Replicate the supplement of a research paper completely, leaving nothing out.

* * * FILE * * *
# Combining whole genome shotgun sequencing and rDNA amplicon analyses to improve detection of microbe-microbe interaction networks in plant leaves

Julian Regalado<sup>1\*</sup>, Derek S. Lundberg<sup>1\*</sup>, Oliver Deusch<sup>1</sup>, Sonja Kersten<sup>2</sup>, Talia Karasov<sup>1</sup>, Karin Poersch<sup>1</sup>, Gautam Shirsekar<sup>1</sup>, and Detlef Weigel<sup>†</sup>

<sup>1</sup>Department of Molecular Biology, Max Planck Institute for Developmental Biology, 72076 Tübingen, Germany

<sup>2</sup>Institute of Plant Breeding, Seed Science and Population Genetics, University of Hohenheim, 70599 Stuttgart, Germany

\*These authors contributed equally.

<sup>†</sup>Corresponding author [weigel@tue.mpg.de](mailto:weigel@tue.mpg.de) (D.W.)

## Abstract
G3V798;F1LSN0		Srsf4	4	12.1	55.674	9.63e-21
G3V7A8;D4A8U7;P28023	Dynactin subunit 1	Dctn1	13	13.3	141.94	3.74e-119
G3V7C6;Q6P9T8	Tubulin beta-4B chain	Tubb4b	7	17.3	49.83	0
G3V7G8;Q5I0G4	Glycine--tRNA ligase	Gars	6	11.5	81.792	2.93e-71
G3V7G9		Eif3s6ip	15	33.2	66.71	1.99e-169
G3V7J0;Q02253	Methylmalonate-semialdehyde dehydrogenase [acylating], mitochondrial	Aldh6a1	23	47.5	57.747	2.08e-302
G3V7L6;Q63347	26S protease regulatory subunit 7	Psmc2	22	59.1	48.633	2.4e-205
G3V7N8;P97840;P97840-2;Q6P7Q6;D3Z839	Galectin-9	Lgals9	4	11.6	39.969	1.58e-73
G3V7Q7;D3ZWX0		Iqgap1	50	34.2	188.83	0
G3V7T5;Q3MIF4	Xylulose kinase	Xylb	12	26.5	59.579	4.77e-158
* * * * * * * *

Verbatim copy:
# Combining whole genome shotgun sequencing and rDNA amplicon analyses to improve detection of microbe-microbe interaction networks in plant leaves

Julian Regalado<sup>1\*</sup>, Derek S. Lundberg<sup>1\*</sup>, Oliver Deusch<sup>1</sup>, Sonja Kersten<sup>2</sup>, Talia Karasov<sup>1</sup>, Karin Poersch<sup>1</sup>, Gautam Shirsekar<sup>1</sup>, and Detlef Weigel<sup>†</sup>

<sup>1</sup>Department of Molecular Biology, Max Planck Institute for Developmental Biology, 72076 Tübingen, Germany

<sup>2</sup>Institute of Plant Breeding, Seed Science and Population Genetics, University of Hohenheim, 70599 Stuttgart, Germany

\*These authors contributed equally.

<sup>†</sup>Corresponding author [weigel@tue.mpg.de](mailto:weigel@tue.mpg.de) (D.W.)

## Abstract
G3V798;F1LSN0		Srsf4	4	12.1	55.674	9.63e-21
G3V7A8;D4A8U7;P28023	Dynactin subunit 1	Dctn1	13	13.3	141.94	3.74e-119
G3V7C6;Q6P9T8	Tubulin beta-4B chain	Tubb4b	7	17.3	49.83	0
G3V7G8;Q5I0G4	Glycine--tRNA ligase	Gars	6	11.5	81.792	2.93e-71
G3V7G9		Eif3s6ip	15	33.2	66.71	1.99e-169
G3V7J0;Q02253	Methylmalonate-semialdehyde dehydrogenase [acylating], mitochondrial	Aldh6a1	23	47.5	57.747	2.08e-302
G3V7L6;Q63347	26S protease regulatory subunit 7	Psmc2	22	59.1	48.633	2.4e-205
G3V7N8;P97840;P97840-2;Q6P7Q6;D3Z839	Galectin-9	Lgals9	4	11.6	39.969	1.58e-73
G3V7Q7;D3ZWX0		Iqgap1	50	34.2	188.83	0
G3V7T5;Q3MIF4	Xylulose kinase	Xylb	12	26.5	59.579	4.77e-158